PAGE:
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  • Writer's pictureKelly Marks

Just a Glimmer

When I was in college, there was some trash-talking about Generation X. The Boomers were considered the greatest generation, and we were the generation that didn’t stand for anything. In the midst of hurt feelings caused by that sentiment, I also had to agree that it was pretty accurate.


Then came the Millennials. Want to hear some trash-talking? Those people took some browbeating: they were lazy; didn’t know how to do anything on their own; never left home.


Now it’s the turn for Generation Z. They are so sensitive. You can’t say anything at all. Nothing is politically correct enough for their sensibilities.


Apparently, what goes around comes around I guess, depending on whose generation is in charge, because now Gen X is making a comeback as the toughest generation: we were the original latchkey kids, had no adult supervision to speak of, drank from the spigot, we were never allowed back in the house after we left for the day, and a host of other things that are now taken as something to be proud of.


I’m not sure if it was the Millennials or Gen Z, but one of them started the whole “I’m triggered“ line, and while it’s a very valid feeling (except for Gen X, who typically suppresses feelings and hurt) the pendulum always swings the other way. The “trigger” is now counterbalanced with the “glimmer”: a small moment that makes you happy.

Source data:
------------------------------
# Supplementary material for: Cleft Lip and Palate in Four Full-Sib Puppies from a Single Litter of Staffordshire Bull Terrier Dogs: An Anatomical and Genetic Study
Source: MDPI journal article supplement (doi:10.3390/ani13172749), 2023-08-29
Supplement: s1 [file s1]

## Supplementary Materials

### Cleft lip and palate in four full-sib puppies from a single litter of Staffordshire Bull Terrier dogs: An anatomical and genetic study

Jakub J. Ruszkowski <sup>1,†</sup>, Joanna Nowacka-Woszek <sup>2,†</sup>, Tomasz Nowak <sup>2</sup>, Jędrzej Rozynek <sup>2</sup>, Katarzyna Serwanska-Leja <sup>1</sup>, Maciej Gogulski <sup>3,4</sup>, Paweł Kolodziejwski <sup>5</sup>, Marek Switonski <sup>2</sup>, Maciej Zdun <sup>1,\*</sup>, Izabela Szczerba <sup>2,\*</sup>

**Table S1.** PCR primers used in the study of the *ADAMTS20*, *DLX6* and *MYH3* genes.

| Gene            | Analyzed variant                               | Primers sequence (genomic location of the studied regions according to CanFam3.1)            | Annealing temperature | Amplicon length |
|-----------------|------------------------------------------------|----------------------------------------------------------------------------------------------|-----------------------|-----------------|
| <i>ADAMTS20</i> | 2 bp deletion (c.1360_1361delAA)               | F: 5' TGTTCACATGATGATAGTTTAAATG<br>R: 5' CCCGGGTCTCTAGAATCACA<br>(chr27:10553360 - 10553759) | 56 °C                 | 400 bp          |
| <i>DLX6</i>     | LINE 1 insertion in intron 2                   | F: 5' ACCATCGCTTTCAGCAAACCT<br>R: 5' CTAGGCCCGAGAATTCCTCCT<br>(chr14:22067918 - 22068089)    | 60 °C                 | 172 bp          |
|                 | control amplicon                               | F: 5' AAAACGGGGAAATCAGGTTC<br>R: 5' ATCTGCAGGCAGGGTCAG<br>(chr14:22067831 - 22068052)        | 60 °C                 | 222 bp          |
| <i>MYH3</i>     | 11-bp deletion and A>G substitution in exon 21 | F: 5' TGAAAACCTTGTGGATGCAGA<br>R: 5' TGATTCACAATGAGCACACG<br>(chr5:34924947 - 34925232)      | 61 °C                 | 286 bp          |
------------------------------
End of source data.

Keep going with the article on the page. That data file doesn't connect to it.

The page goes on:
For me, movies have always done that. I certainly do not see every movie that comes out, but when I do get to see a movie, it makes me very happy.


When I was in college, I would occasionally cut class with a friend of mine and go to a matinee. Something about playing hooky and sitting in a dark theater in the middle of the afternoon always felt so decadent.


A few years later, on a Friday or Saturday afternoon, Paul and I would jump in the car and drive to Blockbuster. We would wander through the store, picking up various movies, reading boxes, debating, and perhaps disagreeing about which one to see. The experience of choosing a movie was sometimes better than the movie itself.


Now we have streaming. I do love the immediacy and instant gratification. I am not a Luddite – someone who abhors and shuns technology - I’m really not, but this week I got a glimpse into the charm of the old way.


A friend and I were discussing movies and Enchanted Cottage was mentioned. I had never heard of it, and since it was released in 1945, it’s understandable. I ended up ordering it off of Amazon and watching it on my desktop. Not a perfectly comfortable way to watch, but within two minutes, I was hooked by the old-school charm of a black-and-white movie and the tenderness of the story itself.


I was sad when the film was over, so I decided to see what Netflix could contribute to the experience. I went to the categories tab and clicked on classics. As it churned through its titles, I was thinking, Cary Grant, Audrey Hepburn, or Katherine, for that matter.


Imagine my surprise when Eddie Murphy’s 1988 Coming to America popped up. Not exactly what I would consider a classic, not what I would even consider to be a good movie. It was slightly less than a true glimmer.


I guess I may have to put on some Dean Martin and Frank Sinatra and dig out my DVD of The Ghost and Mrs. Muir, and find some true classics.







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